Making Movies: The Return of Spidey
Friday…FRIDAY…FRIDAY!!!! Did I mention that today is Friday? And what could possibly be better than Friday? Just one thing – a Friday with your friendly neighborhood Spider man. Or in this case, another home movie from 1985 with me and my friend Mike bringing the wall crawler to the silver screen.
I have to tell you, these movies were so much fun to make. Way better than playing Dungeons and Dragons or taking a walk downtown to the comic book store.
I think the cost to film just one of these shorts and have it developed was somewhere in the range of $20. Roughly equivalent to a billion dollars as far as a kid from 1985 is concerned. So for us to forego seeing a rock concert or buy a video game and instead try to make a movie was a huge investment and something that we did not take lightly.
Once again, let me set the scene for you:
In our last episode Mime (the bad guy in this story played by yours truly) narrowly escaped the clutches of Spidey (played by my friend Mike). Mime is now sitting on some steps next to a hill contemplating his next move when suddenly he hears someone approaching. He looks and sees that it’s Peter Parker, a young punk kid from school.
At this point Mime (who does not know the kid is actually Spidey) decides to have a little fun. He hides behind a fence and trips Peter as he walks by.
The “clumsy” child falls and then rolls down to the bottom of the hill. Distraught about his predicament and knowing that the evil Mime has just attacked him, Peter starts crying and immediately runs behind the fence to become Spidey. (Hey, no one said our Spidey didn’t get emotional).
That’s when the fun really begins.
This film would be the first to introduce the special effect of teleportation. It was a technique that we would also use in subsequent Spidey shorts as well and was rather simple to produce. Here’s how it worked:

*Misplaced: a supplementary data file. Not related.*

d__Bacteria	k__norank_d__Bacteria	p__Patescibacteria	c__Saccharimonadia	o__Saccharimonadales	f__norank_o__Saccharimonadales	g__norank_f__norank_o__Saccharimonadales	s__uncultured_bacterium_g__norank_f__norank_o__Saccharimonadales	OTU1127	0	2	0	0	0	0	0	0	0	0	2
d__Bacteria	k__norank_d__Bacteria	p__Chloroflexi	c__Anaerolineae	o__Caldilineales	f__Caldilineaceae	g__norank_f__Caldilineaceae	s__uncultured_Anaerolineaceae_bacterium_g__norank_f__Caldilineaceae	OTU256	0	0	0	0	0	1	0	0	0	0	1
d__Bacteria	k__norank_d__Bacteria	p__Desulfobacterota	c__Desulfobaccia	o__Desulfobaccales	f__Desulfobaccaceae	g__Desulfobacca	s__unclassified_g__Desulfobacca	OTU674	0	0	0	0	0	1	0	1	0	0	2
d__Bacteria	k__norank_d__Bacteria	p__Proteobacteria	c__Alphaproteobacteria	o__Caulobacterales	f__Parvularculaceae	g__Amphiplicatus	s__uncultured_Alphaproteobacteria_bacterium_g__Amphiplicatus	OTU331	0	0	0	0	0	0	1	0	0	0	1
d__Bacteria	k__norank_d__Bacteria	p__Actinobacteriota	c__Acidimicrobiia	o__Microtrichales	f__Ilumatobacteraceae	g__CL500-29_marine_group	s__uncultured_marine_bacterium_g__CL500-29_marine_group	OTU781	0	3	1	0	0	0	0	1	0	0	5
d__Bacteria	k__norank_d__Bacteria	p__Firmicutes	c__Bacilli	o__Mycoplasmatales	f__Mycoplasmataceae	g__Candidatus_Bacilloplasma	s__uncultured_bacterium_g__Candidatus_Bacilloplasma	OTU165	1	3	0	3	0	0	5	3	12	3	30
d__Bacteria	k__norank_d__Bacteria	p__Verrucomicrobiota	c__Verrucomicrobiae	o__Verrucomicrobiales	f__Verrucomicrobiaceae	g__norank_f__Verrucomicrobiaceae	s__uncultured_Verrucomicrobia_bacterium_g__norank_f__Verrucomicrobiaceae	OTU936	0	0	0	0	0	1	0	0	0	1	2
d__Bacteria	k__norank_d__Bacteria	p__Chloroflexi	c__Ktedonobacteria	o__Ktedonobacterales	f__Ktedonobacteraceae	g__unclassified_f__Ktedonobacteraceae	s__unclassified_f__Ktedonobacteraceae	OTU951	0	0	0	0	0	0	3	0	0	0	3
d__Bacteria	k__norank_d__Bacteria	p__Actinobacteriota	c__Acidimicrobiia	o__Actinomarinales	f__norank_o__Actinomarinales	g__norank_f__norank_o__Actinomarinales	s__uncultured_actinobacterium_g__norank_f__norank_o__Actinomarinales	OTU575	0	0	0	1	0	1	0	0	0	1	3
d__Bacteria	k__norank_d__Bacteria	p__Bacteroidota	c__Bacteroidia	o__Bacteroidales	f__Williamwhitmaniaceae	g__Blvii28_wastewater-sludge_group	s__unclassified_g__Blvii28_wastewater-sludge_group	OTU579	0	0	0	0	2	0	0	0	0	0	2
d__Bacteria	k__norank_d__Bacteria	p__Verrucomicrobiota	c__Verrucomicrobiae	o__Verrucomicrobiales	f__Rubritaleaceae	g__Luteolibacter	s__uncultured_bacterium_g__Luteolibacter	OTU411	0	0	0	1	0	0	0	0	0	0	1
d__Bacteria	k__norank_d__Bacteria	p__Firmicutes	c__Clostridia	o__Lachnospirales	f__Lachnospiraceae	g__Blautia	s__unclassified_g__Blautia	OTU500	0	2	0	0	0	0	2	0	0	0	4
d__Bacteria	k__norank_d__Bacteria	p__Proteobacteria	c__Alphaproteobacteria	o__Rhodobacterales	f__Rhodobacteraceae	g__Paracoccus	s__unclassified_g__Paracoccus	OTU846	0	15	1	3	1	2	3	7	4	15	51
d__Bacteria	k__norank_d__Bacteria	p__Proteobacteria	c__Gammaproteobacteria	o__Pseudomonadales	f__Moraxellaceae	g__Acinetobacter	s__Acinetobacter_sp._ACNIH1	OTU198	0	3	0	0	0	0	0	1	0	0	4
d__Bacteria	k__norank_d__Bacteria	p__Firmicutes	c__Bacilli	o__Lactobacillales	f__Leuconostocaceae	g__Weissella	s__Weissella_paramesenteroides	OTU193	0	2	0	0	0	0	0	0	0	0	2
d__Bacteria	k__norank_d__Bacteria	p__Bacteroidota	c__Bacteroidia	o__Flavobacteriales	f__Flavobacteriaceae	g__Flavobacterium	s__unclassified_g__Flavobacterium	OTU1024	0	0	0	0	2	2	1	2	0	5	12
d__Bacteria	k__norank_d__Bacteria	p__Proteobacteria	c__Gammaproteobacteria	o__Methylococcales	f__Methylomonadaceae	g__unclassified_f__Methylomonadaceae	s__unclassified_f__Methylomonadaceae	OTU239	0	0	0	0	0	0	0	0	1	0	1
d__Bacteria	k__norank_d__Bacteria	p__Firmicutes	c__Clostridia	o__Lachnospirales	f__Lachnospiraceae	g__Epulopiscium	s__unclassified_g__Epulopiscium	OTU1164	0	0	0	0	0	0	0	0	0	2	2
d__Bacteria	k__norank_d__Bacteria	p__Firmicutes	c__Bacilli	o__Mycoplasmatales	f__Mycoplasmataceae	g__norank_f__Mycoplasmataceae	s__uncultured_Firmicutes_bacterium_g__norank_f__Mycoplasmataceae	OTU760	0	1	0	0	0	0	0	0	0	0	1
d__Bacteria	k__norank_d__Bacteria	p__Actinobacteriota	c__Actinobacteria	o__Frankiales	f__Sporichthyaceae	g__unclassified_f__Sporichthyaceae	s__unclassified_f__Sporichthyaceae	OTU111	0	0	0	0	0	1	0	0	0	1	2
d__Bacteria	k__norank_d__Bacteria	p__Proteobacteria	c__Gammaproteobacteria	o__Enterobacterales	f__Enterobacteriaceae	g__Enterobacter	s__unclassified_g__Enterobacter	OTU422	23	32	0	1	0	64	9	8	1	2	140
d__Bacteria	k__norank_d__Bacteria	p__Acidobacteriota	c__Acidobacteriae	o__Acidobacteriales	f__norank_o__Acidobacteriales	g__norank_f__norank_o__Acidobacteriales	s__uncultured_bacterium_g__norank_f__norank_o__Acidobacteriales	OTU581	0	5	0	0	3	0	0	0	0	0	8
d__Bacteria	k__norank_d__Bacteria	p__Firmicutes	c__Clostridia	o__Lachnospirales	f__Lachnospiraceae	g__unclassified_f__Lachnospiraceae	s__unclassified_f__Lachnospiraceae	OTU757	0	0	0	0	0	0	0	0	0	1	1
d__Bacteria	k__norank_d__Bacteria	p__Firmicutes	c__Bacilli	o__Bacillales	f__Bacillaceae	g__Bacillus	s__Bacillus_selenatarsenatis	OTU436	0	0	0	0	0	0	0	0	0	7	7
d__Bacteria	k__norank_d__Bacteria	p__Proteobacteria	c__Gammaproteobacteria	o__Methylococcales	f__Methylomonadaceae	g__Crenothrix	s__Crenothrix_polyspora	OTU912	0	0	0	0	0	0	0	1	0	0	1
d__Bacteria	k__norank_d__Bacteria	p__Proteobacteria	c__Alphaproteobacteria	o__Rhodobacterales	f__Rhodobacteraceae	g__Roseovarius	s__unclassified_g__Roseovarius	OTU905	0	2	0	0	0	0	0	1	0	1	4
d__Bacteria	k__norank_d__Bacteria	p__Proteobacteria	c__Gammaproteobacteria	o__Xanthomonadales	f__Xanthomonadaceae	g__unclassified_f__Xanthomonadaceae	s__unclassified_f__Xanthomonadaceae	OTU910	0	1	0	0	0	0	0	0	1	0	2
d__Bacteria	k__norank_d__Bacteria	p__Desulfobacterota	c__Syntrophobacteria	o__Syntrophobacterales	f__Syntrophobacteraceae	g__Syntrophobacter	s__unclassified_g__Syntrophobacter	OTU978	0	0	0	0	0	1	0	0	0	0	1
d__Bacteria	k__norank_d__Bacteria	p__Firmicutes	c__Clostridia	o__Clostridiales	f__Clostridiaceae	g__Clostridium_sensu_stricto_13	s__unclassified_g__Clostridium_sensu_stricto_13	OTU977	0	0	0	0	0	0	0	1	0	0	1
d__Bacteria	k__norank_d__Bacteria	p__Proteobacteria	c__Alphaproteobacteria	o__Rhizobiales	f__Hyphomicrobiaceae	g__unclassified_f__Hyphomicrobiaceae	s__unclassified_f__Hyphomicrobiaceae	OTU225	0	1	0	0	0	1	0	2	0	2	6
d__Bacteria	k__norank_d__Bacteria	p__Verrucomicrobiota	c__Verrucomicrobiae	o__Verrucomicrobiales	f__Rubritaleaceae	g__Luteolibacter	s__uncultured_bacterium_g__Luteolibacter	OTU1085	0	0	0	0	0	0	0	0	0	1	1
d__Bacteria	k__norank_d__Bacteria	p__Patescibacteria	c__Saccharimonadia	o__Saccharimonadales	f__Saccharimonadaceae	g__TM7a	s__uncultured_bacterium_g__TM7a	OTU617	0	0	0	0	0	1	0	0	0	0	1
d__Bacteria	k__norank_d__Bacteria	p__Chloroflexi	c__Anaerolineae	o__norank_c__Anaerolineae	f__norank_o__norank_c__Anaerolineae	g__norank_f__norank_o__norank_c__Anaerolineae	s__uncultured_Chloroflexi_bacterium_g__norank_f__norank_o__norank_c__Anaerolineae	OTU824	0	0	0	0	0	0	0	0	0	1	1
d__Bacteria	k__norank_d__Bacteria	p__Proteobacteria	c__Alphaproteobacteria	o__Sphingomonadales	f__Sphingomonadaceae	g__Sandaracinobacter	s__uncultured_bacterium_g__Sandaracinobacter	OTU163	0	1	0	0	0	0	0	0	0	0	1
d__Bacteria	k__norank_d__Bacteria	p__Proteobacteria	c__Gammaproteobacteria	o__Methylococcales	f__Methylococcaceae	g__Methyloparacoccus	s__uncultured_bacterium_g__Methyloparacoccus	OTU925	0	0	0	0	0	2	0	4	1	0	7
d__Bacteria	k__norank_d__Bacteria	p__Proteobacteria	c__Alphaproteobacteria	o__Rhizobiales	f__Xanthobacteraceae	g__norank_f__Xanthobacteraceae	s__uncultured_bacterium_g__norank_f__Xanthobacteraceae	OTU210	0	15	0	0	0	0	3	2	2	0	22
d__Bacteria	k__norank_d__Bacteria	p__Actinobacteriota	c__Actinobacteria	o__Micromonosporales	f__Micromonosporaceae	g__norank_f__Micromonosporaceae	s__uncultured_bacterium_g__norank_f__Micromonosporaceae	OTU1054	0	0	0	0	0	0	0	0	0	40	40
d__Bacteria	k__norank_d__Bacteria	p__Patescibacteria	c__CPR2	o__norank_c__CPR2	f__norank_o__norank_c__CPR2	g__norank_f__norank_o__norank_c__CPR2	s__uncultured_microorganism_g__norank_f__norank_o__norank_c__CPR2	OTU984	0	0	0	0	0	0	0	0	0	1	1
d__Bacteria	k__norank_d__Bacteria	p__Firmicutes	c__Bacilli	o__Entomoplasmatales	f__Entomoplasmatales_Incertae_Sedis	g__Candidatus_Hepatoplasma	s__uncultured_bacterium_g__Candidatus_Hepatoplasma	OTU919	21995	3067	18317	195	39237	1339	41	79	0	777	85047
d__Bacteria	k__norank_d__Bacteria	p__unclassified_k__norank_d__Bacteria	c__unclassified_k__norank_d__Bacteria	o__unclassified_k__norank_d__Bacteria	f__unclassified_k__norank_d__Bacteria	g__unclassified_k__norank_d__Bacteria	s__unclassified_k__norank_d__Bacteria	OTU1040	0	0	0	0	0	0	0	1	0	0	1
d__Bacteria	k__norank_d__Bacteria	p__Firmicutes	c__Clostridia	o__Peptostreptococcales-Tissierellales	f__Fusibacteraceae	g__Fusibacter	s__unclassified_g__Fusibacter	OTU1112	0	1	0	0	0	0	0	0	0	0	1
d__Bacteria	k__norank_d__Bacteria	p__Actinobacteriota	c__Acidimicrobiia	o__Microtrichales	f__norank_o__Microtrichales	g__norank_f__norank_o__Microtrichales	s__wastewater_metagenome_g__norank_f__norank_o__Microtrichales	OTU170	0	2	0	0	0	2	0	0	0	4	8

In my role as the Mime I would touch my fingers to my temples to indicate I was about to do some amazing mind trick. Mike would then stop filming and stand perfectly still. Once I was out the scene Mike would begin filming again and PRESTO! I had “magically” disappeared. We did the reverse of this effect to make me reappear somewhere else. Pretty cool huh?
In addition to teleporting, this short also features a comedic showdown on the stairs and a daring escape by the heinous villain.
One word of caution: much of this footage is out of focus so do not adjust your settings. This error was actually the case when we originally got the film back from the developers. But the story idea is still there.
Some notable 1980’s references:
1. You’ve just got to love Spidey’s summertime costume. A red shirt/shorts combination with red mittens for gloves. Believe it or not, Mike’s “Coke is It” red t-shirt was all the rage back then. This was the logo used most by Coca-Cola back in the mid 1980’s.
2. The classic tube socks worn up to our knee caps.
3. The laundry hanging out on the clothes line. It may seem trivial these days but back then washer and dryer combos were quite expensive. Most families only had just the washer and would hang clothes out on the line to dry in the summer or take the wet clothes to the laundromat to dry in winter.
As was always the case when filming, the challenge in making these shorts was that everything had to be done in one take. Any kind of screw up couldn’t be erased. This episode shows two examples of mistakes. One of which we were able to “fix”.
The first mistake you’ll notice is one scene where Mike was filming and you see part of his mitten filling the shot. Obviously, there was nothing we could have done about that. But the next flub we knew about immediately and were able to quickly bounce back from.
Originally, Spidey was supposed to capture the Mime on his first attempt at spinning the web. I was the cameraman at the time and was pulling on the “web” as Spidey shot it but accidentally let go of it and it bounced back onto Mike’s arm.
We spent the next ten minutes trying to figure out what we were going to until at last it dawned on us. We both looked at each other, smiled and said: “Spidey’s Web Shooter Jammed!”. It was the perfect opportunity to film it again and this time get it right.
Having rediscovered and sharing these movies has been a great experience. I’m even considering sending in my resume to George Lucas. I think I’m a shoe-in for a position in the special effects department. What do ya think?
Have a great weekend!